Cooking tomato sauce is an underrated activity. Well, at least for those of us who grew up with Newman’s Own or Prego or some other sludge from a jar. But before summer officially ends, take a Saturday afternoon to make the real stuff.
Over the summer, we got really into galettes. And I mean really into galettes. Thanks to a boom of Bon Appetit recipes, we discovered these almost-pies could take on any flavor we wanted. So we tried a bunch.
There are sweet galettes with fresh berries and savory galettes that are basically potato pizzas, which like, why wouldn’t you want that? With this recipe, you can do all of the above.
Yeah, you heard me. These ribs taste like drinking a hot, healing bowl of phở. Except it’s summer, and you’re sitting in a lawn chair with a cold beer, and also there’s no soup.
Now, I require a bowl of phở at least once per month—and that’s a conservative estimate. Something about the combination of lemongrass, fish sauce and sambal oelek (a better, more garlic-y chili sauce than Sriracha, IMO) feels immediately comforting. Phở will cure your ailments. In fact, it’ll make sure you don’t get sick in the first place.
Vegan desserts are a challenge, but a worthy one. As are gluten-free desserts. But constraints breed creativity. And creativity calls for peanut butter.
We have two couples we like to eat with who have dietary constraints: One’s vegan, the other lactose intolerant. Well, that’s no excuse not to bring food to a cookout.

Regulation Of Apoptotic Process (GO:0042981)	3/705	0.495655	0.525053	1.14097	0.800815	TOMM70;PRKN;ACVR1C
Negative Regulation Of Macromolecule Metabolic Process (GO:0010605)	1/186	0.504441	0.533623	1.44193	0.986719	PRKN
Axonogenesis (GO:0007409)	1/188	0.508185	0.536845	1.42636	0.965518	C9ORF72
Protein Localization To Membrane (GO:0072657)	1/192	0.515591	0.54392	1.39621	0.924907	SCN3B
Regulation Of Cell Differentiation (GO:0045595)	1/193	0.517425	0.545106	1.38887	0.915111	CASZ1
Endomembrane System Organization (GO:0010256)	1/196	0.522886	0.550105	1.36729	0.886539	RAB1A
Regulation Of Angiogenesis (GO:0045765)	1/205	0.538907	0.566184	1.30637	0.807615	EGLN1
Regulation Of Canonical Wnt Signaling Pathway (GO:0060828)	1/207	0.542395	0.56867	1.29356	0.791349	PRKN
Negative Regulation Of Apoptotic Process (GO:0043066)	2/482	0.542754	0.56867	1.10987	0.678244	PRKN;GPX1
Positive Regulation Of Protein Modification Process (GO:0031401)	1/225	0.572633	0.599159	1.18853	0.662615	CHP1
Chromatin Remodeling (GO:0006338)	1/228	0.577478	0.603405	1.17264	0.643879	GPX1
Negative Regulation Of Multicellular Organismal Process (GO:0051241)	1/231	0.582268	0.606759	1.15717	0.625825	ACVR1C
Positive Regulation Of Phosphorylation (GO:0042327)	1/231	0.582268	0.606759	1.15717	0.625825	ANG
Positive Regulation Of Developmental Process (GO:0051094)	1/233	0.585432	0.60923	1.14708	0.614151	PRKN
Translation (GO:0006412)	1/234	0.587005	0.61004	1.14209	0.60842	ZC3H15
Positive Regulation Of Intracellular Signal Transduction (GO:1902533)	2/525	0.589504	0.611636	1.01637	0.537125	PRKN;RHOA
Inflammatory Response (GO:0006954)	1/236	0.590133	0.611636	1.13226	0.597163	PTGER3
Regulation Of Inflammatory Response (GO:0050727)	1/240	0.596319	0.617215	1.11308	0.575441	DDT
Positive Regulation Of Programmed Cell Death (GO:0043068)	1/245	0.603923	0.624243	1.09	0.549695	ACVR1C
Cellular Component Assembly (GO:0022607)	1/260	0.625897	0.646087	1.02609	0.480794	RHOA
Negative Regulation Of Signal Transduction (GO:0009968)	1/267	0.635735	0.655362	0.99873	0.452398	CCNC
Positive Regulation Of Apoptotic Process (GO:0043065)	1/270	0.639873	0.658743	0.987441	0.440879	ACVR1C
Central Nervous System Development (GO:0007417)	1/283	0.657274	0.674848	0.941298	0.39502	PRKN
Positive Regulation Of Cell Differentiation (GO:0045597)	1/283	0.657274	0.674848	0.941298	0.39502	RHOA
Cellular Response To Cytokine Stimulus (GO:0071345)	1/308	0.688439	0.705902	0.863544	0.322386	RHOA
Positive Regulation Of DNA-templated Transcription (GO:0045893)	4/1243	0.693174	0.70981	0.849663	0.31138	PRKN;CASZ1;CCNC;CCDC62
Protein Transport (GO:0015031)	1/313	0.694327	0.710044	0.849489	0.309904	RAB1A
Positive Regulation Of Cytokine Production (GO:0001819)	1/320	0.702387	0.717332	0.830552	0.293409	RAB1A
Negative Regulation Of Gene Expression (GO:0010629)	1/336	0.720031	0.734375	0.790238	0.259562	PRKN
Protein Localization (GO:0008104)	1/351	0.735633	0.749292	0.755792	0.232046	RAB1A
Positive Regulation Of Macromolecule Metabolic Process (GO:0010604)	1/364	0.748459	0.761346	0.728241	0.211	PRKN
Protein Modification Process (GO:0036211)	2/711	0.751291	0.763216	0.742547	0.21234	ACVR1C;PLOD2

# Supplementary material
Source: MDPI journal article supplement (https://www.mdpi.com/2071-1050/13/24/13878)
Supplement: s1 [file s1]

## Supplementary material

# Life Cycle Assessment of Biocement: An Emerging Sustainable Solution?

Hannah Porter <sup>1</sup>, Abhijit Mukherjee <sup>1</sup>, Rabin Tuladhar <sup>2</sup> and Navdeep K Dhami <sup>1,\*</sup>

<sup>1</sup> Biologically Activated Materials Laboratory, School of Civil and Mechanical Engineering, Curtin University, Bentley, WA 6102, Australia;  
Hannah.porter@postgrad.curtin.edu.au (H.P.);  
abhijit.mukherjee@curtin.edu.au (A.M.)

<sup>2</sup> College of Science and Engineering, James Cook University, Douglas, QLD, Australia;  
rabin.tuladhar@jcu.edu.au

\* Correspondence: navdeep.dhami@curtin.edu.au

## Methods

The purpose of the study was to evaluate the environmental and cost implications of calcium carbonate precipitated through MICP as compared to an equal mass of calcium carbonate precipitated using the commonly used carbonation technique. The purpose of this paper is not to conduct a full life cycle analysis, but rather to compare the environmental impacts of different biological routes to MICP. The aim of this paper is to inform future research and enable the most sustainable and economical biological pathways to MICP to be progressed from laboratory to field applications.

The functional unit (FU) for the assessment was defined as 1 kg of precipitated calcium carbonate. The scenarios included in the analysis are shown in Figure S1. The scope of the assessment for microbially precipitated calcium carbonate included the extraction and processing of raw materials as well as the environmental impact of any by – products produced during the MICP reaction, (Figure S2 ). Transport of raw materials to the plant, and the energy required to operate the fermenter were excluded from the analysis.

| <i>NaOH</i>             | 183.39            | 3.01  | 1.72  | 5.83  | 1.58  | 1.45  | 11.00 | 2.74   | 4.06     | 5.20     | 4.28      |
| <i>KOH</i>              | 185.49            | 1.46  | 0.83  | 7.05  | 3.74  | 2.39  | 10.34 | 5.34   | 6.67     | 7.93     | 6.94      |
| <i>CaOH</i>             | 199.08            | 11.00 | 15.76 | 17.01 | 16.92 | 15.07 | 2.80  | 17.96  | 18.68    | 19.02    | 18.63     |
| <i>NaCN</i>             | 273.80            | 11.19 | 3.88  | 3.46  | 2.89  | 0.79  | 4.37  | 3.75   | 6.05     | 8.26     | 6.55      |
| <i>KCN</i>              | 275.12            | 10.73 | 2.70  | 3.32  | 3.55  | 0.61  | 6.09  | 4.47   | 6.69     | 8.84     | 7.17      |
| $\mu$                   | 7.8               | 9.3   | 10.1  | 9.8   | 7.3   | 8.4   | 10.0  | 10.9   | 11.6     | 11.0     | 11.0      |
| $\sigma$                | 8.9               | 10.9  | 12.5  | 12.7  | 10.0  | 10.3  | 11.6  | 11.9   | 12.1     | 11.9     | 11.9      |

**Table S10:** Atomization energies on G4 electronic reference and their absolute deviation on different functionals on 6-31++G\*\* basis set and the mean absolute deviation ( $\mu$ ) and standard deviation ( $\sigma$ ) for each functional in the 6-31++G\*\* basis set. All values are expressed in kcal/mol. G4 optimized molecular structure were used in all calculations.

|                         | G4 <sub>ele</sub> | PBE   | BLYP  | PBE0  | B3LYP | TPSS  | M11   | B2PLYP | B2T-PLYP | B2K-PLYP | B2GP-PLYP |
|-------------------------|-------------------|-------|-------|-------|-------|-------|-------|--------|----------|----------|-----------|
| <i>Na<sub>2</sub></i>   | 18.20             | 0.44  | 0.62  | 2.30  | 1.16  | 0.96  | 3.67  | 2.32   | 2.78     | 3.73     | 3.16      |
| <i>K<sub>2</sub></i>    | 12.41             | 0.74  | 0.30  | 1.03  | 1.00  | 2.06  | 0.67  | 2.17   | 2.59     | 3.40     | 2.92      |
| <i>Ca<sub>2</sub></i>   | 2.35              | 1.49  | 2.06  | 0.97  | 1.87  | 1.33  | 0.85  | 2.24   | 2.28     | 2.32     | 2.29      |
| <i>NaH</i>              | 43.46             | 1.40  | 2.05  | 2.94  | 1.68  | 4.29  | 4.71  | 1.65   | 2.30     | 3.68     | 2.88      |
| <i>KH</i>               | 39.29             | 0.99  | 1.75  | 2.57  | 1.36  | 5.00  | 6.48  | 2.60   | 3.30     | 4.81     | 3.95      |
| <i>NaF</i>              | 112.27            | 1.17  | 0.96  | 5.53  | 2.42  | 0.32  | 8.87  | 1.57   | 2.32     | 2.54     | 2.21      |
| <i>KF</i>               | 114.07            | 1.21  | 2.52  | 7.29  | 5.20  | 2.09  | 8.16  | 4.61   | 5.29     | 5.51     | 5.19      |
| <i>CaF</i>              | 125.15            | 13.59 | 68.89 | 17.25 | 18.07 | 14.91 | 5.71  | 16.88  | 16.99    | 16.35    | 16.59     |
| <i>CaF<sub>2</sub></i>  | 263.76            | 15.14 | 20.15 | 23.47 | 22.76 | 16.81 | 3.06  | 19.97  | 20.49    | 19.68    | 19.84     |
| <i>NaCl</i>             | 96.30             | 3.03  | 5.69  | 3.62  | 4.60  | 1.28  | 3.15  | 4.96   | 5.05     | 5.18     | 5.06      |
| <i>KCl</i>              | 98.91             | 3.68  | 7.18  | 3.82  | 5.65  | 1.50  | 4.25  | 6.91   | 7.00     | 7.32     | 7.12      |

Inspired by A Saucy Kitchen’s frozen peanut butter cup pie, our peanut butter cheesecake combines the irresistible trio of peanut butter (duh), dark chocolate, and flakey sea salt. No, this is not your average table salt. A light sprinkling of Morton’s flakey sea salt launches any dessert into a new universe of lip-licking-ness.
It’s basically summer, which means two things: Fresh veggies and fresh herbs. Your gardens burst with abundance; farmers’ markets overflow with options. So why not go crazy?
Sure, you could buy any old greens, chop up some tomatoes and other good-looking finds, and create a salad that’s perfectly healthy and perfectly ordinary. But vegetables can be so much more fun than that, as Israeli-British author Yotam Ottolenghi makes so obvious in his vivid and imaginative cookbooks.
Since when do chorizo and eggs have to be breakfast foods? To paraphrase Hitchhiker’s Guide To The Galaxy, time is an illusion; breakfast time, doubly so.
Another game-changer: Alison Roman’s Dining In. The damn cookbook took us months to buy, it was so completely sold out. It’s well worth the wait. Almost immediately we found (and tested) recipes for every possible occasion: Bright salads, hearty pastas, and more. Reading Dining In has changed how we think about cooking.